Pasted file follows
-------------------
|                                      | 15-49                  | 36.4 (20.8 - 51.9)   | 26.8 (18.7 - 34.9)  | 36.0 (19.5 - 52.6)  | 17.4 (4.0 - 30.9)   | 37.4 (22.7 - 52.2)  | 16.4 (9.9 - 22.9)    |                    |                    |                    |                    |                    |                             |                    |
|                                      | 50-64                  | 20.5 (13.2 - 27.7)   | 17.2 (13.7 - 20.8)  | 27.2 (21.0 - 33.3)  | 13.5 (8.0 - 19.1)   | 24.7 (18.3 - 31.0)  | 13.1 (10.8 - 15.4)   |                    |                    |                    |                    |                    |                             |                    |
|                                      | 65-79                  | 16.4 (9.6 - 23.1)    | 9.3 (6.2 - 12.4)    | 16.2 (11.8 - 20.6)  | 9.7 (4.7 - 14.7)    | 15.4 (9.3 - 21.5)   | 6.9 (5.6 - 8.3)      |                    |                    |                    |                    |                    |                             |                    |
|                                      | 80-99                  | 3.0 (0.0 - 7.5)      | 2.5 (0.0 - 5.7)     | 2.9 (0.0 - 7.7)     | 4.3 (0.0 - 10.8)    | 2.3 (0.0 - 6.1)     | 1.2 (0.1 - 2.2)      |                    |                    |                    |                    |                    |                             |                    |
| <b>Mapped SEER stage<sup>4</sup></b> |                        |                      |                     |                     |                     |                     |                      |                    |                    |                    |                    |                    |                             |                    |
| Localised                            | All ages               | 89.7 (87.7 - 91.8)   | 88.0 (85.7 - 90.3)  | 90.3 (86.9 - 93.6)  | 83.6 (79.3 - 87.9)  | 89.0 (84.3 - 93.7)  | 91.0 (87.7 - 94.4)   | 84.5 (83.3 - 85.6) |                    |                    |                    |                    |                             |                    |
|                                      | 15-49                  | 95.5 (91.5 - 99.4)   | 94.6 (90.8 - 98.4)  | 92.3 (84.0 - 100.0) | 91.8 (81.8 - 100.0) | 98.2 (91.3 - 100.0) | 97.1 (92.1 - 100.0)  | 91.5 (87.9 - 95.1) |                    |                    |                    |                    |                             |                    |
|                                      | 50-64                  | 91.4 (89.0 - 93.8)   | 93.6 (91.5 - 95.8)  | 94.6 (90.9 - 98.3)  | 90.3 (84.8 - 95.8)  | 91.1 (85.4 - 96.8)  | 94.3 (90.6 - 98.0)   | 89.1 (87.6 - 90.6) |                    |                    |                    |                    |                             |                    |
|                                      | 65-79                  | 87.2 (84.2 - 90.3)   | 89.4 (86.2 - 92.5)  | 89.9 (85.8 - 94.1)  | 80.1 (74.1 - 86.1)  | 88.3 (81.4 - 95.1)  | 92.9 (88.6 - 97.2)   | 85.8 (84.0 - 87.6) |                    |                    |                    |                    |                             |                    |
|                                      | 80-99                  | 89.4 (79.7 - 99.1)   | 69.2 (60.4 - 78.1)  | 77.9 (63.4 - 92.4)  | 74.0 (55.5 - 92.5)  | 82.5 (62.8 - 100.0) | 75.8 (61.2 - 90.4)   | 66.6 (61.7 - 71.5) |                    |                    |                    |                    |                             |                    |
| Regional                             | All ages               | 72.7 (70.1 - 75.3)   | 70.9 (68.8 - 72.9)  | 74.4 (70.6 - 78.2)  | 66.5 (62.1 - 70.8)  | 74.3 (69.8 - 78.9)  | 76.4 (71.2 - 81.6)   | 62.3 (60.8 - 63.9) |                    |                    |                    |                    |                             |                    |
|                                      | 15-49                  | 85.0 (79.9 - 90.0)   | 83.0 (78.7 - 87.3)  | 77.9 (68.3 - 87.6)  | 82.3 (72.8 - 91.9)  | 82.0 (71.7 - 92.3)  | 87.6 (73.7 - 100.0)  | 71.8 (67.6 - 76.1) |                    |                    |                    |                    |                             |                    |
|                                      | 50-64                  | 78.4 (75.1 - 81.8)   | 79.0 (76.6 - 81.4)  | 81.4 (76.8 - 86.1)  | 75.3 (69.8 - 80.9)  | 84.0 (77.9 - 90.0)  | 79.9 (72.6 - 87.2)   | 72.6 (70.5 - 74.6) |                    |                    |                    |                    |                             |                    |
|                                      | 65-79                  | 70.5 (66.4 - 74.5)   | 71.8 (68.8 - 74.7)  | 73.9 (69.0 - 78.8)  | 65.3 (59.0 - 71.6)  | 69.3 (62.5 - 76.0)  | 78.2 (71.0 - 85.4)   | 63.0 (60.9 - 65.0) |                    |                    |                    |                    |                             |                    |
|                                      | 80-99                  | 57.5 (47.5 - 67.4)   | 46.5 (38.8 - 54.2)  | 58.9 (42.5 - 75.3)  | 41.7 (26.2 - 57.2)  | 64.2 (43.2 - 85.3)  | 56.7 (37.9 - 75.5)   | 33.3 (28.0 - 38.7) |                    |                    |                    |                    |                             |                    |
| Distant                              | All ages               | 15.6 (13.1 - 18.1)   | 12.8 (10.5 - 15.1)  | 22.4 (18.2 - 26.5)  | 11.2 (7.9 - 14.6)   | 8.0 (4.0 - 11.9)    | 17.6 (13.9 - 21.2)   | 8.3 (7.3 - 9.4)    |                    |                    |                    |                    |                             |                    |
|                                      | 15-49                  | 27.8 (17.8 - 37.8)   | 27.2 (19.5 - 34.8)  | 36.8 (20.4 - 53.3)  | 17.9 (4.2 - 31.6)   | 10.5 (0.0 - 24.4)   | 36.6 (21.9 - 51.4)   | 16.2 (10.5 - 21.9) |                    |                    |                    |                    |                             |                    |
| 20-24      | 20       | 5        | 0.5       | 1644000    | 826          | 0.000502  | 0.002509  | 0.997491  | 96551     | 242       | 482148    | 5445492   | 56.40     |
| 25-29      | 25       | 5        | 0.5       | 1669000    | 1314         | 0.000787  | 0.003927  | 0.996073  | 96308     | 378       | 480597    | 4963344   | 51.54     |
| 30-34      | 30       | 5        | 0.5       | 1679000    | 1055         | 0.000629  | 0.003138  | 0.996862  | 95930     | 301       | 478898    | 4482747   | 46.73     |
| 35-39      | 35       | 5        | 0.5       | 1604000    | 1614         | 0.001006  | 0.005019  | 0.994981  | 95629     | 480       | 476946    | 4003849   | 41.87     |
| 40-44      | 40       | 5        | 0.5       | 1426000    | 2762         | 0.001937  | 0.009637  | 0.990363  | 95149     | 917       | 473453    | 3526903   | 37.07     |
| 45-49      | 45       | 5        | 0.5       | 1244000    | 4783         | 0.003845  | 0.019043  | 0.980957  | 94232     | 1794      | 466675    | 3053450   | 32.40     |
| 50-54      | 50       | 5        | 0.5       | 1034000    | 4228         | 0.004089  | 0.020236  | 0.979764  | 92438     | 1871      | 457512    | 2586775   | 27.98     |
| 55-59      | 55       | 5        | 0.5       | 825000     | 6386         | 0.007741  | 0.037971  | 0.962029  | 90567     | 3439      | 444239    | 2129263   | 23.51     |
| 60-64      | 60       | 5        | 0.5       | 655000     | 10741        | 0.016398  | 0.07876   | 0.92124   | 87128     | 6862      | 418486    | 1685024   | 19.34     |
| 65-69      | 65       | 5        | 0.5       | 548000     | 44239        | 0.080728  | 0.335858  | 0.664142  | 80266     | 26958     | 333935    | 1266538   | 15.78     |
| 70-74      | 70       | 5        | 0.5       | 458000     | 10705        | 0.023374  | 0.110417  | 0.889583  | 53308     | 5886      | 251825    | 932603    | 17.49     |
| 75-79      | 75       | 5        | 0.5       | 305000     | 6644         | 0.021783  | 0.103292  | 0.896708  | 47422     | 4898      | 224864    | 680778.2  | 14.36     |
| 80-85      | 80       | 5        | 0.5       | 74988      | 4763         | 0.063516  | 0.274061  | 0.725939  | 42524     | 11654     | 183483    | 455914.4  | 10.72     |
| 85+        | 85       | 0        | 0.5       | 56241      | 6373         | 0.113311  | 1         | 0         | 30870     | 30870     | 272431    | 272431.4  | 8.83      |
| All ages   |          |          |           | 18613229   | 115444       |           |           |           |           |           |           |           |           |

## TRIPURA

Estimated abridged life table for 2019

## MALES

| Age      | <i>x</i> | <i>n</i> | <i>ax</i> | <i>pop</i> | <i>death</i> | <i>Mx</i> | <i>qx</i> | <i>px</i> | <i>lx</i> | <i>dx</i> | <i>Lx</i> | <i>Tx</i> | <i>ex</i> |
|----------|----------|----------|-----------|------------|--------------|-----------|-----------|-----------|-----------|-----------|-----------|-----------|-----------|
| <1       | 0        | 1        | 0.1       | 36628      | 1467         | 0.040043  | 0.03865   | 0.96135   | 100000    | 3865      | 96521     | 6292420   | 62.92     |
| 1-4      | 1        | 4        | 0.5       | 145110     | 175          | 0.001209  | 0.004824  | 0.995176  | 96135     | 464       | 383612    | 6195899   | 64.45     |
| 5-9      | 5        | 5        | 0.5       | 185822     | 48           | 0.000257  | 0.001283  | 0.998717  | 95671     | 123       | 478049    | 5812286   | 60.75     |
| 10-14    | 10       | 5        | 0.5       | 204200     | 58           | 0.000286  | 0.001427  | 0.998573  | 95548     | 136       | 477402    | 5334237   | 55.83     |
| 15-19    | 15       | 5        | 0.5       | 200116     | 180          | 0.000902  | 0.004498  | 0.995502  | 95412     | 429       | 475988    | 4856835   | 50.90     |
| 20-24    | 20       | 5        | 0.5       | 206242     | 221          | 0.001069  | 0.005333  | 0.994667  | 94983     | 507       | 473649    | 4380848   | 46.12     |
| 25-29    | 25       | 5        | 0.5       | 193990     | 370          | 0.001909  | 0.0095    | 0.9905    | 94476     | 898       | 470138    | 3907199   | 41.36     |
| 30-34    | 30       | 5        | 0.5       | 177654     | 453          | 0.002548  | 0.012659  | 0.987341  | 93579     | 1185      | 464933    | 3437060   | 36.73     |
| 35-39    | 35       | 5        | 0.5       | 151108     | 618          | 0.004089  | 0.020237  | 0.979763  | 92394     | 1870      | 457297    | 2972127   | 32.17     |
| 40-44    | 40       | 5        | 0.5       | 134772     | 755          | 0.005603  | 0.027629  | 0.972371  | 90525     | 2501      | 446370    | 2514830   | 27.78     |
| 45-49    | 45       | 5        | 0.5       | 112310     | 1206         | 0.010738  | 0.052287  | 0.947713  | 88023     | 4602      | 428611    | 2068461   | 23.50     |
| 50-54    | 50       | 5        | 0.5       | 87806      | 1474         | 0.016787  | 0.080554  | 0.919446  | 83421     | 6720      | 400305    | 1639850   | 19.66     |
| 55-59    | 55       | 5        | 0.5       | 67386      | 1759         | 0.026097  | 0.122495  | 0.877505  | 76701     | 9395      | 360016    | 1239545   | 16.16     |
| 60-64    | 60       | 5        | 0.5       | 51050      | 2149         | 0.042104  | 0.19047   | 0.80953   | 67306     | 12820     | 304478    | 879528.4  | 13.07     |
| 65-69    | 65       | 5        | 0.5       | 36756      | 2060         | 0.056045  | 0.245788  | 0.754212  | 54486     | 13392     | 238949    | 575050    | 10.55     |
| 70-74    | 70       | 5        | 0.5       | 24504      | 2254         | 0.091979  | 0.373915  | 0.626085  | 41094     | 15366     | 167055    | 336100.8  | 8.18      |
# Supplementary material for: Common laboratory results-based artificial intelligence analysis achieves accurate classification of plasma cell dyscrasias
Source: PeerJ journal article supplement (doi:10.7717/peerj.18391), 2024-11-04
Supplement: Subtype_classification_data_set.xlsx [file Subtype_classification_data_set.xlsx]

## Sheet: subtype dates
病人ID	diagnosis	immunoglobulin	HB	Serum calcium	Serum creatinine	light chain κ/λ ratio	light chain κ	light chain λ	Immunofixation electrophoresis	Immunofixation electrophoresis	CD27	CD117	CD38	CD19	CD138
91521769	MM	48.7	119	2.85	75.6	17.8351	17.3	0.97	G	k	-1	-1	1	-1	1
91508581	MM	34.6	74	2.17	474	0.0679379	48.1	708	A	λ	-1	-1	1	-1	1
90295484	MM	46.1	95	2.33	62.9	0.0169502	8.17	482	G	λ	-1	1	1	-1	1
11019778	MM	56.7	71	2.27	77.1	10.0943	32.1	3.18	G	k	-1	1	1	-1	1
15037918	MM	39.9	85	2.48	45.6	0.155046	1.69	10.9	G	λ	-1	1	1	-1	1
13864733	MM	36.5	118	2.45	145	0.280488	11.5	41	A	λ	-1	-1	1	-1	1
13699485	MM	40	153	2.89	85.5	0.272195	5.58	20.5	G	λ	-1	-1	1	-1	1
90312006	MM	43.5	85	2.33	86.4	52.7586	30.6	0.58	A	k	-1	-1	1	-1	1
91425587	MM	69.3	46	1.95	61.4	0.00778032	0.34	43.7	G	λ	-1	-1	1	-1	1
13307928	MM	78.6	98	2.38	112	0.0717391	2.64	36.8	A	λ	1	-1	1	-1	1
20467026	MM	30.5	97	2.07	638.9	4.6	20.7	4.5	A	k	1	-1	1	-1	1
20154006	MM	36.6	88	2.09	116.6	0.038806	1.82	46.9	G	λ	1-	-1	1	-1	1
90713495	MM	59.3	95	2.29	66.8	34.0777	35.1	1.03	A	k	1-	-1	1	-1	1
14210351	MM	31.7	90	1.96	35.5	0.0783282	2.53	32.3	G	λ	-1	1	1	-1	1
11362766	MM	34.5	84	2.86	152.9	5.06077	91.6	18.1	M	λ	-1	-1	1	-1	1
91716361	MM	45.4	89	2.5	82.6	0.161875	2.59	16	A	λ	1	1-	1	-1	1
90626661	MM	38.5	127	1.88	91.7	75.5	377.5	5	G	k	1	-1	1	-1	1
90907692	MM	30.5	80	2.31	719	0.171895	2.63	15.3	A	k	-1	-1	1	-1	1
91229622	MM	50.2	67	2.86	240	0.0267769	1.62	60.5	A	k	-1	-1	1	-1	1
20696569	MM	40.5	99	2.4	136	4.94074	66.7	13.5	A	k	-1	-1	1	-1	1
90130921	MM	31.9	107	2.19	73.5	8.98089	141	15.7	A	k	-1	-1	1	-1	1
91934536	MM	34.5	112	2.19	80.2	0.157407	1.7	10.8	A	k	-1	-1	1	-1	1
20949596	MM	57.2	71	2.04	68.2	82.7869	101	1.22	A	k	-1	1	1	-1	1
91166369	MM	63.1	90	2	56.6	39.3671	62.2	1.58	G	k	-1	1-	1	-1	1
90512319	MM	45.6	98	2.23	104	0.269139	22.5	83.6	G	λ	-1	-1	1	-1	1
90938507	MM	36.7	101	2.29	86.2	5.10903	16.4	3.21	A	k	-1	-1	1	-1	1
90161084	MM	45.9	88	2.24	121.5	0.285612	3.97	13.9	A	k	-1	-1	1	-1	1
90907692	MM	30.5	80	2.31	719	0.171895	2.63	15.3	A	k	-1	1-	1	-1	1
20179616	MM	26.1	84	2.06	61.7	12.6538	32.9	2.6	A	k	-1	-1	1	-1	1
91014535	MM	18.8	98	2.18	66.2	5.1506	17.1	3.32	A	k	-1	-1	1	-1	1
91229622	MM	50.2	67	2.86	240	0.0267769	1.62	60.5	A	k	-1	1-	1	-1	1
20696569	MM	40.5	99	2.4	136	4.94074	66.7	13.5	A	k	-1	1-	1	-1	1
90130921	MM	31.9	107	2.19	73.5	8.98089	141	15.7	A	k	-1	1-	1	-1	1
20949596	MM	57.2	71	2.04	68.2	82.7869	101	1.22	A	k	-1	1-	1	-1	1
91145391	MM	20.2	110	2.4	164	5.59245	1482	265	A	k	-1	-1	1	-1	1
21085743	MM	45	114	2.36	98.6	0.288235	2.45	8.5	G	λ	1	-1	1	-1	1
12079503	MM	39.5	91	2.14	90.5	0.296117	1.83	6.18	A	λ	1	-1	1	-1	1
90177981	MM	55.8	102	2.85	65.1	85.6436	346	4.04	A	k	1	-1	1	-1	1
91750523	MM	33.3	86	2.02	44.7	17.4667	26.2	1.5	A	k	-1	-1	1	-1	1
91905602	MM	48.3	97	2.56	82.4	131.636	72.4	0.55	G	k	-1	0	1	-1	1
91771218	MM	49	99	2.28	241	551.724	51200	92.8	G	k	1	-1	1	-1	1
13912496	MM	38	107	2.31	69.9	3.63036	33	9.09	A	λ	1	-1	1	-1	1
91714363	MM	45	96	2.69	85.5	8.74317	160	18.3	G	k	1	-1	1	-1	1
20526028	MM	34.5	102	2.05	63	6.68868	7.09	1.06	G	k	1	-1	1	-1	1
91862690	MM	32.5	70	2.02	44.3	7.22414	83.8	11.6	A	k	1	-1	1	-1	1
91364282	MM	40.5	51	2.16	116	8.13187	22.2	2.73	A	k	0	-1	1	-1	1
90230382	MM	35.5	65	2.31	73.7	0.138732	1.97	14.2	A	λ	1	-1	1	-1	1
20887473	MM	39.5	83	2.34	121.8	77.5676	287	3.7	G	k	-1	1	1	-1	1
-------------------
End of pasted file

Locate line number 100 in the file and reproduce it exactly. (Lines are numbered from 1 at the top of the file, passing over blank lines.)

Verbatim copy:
13912496	MM	38	107	2.31	69.9	3.63036	33	9.09	A	λ	1	-1	1	-1	1